Hayfever in children

Hayfever in children

Allergies are common in children. It is estimated that up to 40% of children in Australia and New Zealand will be affected by allergies at some point in their lives.1 Most allergies are inherited, meaning they are passed on to children from their parents. When one parent has an allergy, the child has a 50% risk of also having one. When both parents are allergic, this risk increases to 75%. Although parents may pass on the tendency to be allergic, children may not inherit an allergy to the exact same allergen.2

A runny nose is often the main symptom in children suffering from hayfever. It is therefore important to determine whether your child has an allergy or a cold, as the two have similar symptoms. Along with a runny nose, hayfever may also cause itchy red eyes, sneezing and dark circles under the eyes. Children may also frequently rub their nose, known as the ‘allergic salute’.3 Parents can help to relieve their children’s symptoms by reducing their exposure to allergy triggers as much as possible. This may include closing the windows at home and in the car to minimise pollen levels in the air, if your child has hayfever, or using an allergy proof mattress cover if he is allergic to dust mites, for example. Saline nasal washes or sprays may also help to alleviate symptoms by rinsing pollen and mucus from your child’s nose. In some cases daily medication may be necessary, especially during allergy season.4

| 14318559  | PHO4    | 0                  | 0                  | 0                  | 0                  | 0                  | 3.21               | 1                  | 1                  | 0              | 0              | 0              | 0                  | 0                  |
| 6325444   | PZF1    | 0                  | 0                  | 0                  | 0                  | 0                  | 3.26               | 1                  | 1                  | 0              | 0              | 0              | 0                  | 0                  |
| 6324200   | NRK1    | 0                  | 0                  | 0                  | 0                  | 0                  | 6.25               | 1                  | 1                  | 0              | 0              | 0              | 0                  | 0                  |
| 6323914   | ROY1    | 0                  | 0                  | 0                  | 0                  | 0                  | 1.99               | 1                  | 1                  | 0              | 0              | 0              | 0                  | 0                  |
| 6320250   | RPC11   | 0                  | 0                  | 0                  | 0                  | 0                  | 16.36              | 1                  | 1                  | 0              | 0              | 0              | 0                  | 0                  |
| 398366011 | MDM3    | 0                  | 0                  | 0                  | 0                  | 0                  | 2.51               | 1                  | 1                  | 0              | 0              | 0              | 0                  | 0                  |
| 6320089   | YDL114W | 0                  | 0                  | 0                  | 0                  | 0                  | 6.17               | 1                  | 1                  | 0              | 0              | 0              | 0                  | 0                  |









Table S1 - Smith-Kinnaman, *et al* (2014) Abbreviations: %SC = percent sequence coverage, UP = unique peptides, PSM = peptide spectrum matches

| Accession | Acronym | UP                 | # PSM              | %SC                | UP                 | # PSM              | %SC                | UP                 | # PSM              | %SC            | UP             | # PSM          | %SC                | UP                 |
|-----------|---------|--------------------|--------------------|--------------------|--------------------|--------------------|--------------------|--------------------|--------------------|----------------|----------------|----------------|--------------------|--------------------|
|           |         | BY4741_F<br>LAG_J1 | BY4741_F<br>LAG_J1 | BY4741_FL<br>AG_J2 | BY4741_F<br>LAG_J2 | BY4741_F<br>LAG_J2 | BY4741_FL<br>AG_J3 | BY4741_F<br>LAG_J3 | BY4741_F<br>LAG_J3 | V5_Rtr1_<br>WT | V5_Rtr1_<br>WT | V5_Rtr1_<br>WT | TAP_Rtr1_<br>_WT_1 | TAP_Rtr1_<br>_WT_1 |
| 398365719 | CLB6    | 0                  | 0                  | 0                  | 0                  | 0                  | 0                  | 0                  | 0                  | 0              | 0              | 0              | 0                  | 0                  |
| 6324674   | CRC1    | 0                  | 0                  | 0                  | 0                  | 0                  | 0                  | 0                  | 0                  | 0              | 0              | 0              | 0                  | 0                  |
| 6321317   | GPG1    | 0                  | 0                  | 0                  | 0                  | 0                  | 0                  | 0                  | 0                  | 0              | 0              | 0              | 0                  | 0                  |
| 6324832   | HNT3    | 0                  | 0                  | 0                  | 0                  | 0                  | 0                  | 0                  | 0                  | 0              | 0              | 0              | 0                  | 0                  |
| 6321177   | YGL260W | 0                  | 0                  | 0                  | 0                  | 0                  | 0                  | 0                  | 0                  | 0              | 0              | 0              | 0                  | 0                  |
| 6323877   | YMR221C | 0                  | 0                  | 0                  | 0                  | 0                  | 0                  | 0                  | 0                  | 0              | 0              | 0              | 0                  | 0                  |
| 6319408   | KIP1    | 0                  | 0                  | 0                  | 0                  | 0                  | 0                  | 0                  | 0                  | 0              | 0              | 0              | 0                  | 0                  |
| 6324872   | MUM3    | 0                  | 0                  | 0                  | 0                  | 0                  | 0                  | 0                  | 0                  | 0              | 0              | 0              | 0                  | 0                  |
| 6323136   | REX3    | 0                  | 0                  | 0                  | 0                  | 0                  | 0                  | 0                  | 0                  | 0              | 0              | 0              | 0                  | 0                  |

Although the reasons behind an infant or child developing an allergy are not completely understood, several factors appear to be involved. A family history of allergies in a parent or sibling is a significant risk factor, although nothing can be done to change this. There are, however, other environmental factors implicated in allergies which, if controlled, will help to minimise the risk of your child developing allergies. Factors linked to allergies include dietary factors, such as introducing your baby to cow’s milk, soy milk formula or solid foods before 3‐4 months of age. Also, babies born in spring have a higher risk of developing seasonal allergic rhinitis, or hayfever. Passive exposure to cigarette smoke also increases a child’s risk of developing allergic respiratory symptoms.5

Parents can minimize the risk of their new baby developing allergies in several ways. These include avoiding smoking while pregnant and not smoking in the presence of the child once they are born. Breastfeeding has been shown to decrease the risk of allergies in early childhood and where possible, babies should be breastfed for at least six months. However, even with these steps in place, a high risk child may still develop allergies, including hayfever.6